Since 1928, the concert hall at Mills College has been a center of musical innovation—hosting performances that have shaped the course of contemporary music in our time.
In 2009, in celebration of the 80th anniversary of the opening of the hall, Mills completed an extensive renovation project to upgrade the facility and restore it to its acoustic and visual splendor. Named in honor of a noted Mills alumna and patroness of the arts, the Jeannik Méquet Littlefield Concert Hall opened to the public in February 2009 with a six-concert music festival—Giving Free Play to the Imagination—inspired by the architectural embellishments that boldly decorate the interior of the hall.
The renovation of the concert hall took a team of architects, acousticians, art conservators, wood and stone workers, and seating designers 18 months to complete. Highlights of the renovation included:
Center stage are the newly restored choir loft murals that depict the California landscape and pay tribute to Mills' home. Ornate wrought-iron and mica chandeliers illuminate the gold and multicolored frescoes that encircle the interior walls. New reproduction lead glass ceiling panels add a finishing touch to this richly decorated hall.
As you travel the tree-lined entry road to Mills College, you will quickly discover one of the most majestic buildings on campus. The dramatic carved entryway—framed by spiral columns embellished with medieval, Renaissance, and Baroque statuary—is a testament to the eclectic vision of noted California architect Walter Ratcliff Jr. (1881–1973).
Opened in 1928, the Music Building is one of several Spanish Colonial structures that Ratcliff designed at Mills while serving as campus architect from 1923 to 1947. Flanked by practice rooms and classroom wings on either side, the Littlefield Concert Hall is the centerpiece of the Music Building. This historic 450-seat auditorium is adorned with dark wooden beams, wrought iron and mica chandeliers, and a spectacular ceiling of richly colored tiles. Encircling the hall are multihued frescoes and murals painted by Raymond Boynton that were integral to Ratcliff's visionary design for this home for musical innovation. Directly behind the concert hall is the open-air Greek Theatre, with seats sloping up the hillside to accommodate 500 guests.
The Music Building design earned Ratcliff widespread recognition and a prestigious architectural award of honor. This award was presented to Mills President Aurelia Henry Reinhardt in 1929 at the biennial architectural exhibition of the Northern California Chapter of the American Institute of Architects.
When well-known painter and Depression-era muralist Raymond Boynton (1883–1951) began work on the architectural ornamentation of the concert hall, his goal was “to produce a scheme of decoration which would give free play to the imagination and, through color and rhythm and formality, heighten that mood in the listener.” Boynton illuminated the hall with daring mythological imagery, bold colors, and lavish use of gold. As generations of concertgoers will attest, Boynton created visual music that has enlivened the concert hall and captured the spirit and vision of Mills College for more than 90 years.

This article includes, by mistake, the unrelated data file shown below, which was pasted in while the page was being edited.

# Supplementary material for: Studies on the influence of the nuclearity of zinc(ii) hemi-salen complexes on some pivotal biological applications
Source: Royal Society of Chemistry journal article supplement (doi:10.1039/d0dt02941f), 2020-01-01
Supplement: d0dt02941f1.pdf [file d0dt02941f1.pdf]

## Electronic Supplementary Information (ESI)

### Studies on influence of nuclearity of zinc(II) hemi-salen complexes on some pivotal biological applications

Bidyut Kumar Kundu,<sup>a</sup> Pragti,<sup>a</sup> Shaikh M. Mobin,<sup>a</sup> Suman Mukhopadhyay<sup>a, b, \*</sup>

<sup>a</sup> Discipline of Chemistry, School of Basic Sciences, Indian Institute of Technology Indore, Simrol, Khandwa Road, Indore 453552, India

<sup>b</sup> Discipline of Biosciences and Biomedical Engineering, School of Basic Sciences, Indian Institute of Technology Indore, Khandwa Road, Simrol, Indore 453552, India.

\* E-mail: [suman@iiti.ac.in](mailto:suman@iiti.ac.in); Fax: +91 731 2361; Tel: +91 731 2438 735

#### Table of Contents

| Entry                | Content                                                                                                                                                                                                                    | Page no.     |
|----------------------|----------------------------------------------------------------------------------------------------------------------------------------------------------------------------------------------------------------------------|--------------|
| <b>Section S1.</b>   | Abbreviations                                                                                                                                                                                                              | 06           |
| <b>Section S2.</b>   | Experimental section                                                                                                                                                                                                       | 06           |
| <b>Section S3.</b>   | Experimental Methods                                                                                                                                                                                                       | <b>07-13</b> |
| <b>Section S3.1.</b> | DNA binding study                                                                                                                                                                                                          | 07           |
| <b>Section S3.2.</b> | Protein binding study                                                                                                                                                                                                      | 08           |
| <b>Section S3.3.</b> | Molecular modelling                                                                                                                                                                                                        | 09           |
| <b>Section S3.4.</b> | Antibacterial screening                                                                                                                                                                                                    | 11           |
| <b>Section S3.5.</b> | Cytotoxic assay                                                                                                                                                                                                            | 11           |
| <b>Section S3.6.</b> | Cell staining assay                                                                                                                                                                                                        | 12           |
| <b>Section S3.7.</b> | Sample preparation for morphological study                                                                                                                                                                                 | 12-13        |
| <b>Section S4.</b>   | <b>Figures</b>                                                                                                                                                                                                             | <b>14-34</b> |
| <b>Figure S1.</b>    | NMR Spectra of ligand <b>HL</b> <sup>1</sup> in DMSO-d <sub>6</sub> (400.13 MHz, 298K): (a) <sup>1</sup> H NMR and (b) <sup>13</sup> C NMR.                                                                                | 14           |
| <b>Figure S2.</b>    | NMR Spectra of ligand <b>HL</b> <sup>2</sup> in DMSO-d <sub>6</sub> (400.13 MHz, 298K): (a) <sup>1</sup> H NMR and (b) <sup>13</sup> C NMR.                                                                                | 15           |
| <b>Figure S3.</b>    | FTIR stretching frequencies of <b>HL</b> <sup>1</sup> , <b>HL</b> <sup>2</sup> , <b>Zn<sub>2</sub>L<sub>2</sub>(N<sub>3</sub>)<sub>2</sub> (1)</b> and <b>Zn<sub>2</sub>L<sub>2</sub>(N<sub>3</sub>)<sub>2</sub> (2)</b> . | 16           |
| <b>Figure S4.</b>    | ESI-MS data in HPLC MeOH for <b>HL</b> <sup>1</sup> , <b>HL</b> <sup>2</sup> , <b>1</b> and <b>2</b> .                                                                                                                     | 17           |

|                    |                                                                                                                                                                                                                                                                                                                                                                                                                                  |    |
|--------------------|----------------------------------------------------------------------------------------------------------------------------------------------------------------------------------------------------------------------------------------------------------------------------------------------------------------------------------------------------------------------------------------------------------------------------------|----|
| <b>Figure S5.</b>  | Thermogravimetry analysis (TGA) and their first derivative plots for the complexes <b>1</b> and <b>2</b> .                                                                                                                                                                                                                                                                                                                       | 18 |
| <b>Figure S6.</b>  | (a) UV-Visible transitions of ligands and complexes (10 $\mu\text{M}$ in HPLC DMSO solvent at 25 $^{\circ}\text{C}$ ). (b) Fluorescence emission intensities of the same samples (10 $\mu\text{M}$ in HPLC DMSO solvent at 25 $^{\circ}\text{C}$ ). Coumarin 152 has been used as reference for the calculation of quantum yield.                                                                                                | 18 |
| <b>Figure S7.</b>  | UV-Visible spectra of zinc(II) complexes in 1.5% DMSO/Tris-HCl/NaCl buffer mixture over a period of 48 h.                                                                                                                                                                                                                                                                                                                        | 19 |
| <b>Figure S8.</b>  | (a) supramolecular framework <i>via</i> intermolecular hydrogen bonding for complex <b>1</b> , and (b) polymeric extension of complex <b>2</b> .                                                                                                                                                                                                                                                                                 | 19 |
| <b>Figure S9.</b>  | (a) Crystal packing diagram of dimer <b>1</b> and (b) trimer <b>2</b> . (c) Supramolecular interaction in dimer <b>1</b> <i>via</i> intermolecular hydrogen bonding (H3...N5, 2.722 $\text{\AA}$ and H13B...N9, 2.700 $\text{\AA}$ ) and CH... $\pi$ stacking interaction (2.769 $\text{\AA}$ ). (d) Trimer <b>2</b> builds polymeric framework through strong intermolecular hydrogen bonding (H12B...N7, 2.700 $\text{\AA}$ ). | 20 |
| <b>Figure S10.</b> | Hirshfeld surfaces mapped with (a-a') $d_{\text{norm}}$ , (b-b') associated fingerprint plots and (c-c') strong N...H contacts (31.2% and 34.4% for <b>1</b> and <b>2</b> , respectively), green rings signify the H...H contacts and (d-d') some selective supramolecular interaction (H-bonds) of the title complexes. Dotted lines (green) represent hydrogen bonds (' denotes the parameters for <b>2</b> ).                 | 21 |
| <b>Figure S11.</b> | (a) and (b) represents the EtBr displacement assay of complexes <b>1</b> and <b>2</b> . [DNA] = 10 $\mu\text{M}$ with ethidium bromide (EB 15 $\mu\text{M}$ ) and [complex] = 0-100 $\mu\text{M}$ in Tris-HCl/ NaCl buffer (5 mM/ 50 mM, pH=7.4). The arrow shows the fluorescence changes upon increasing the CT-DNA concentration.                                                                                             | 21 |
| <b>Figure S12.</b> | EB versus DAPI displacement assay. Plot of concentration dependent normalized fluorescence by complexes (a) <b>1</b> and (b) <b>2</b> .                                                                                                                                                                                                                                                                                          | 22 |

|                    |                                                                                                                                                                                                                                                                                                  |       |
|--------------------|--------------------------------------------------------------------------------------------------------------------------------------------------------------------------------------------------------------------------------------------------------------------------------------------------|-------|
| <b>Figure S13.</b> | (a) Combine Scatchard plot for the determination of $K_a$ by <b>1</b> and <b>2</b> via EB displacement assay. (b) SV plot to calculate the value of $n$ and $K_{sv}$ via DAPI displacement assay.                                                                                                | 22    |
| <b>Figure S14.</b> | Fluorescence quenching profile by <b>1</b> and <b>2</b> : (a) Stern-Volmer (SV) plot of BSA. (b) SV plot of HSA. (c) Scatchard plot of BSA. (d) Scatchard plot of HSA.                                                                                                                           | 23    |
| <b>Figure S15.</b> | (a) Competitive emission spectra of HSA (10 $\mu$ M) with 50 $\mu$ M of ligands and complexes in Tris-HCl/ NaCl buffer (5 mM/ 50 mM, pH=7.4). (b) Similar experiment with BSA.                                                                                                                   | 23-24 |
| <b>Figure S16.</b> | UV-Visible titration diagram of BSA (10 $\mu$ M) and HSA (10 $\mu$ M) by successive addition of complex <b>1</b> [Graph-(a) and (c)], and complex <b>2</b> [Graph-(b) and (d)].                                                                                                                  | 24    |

As a California landscape painter and colorist, Boynton illustrated the natural beauty of the Bay Area and its hills, trees, water, and deep blue sky. Visitors to the Littlefield Concert Hall are immediately struck by the murals of the California Mother Lode that are painted on sliding panels above the stage, providing an inspiring backdrop for both listening and learning.
Using painting techniques from 600 years ago, Boynton created the first frescoes at a public building west of the Mississippi at Mills College. Framing the choir loft panels are excerpted musical scores from the Gregorian chant Magnificat. A series of multicolored frescoes encircle the interior walls, depicting vivid scenes of life, love, and death.
The ornamental ceiling tiles were painted in a series of geometric motifs. Boynton considered these tiles the most daring element of the hall's decor, believing he had "created a variety of movement and interval over the whole ceiling...." Juxtaposed with the reproduction lead glass panels in the center of the ceiling, the tiles come to life with a colorful visual energy.
During the 18-month renovation of the concert hall in 2007–08, the auditorium underwent an extensive redesign to enhance the hall's acoustics for contemporary music performance. Damaged wall tiles were replaced with a blend of elegantly curved and flat acoustic panels that integrate visually with the interior beauty of the space. Seating was replaced and reconfigured to enable more audience members to sit in the prime acoustical and visual center of the hall. A dedicated new mixing station was added, and surrounding structures, doors, and building climate control were enhanced to remove exterior noise and soundproof the hall for improved performing and recording quality.
Working with a team of acoustical and design experts, Mills has created a concert hall for the 21st century focused on providing a clear, smooth sound and an ideal listening and performing environment for both acoustic and electronic music.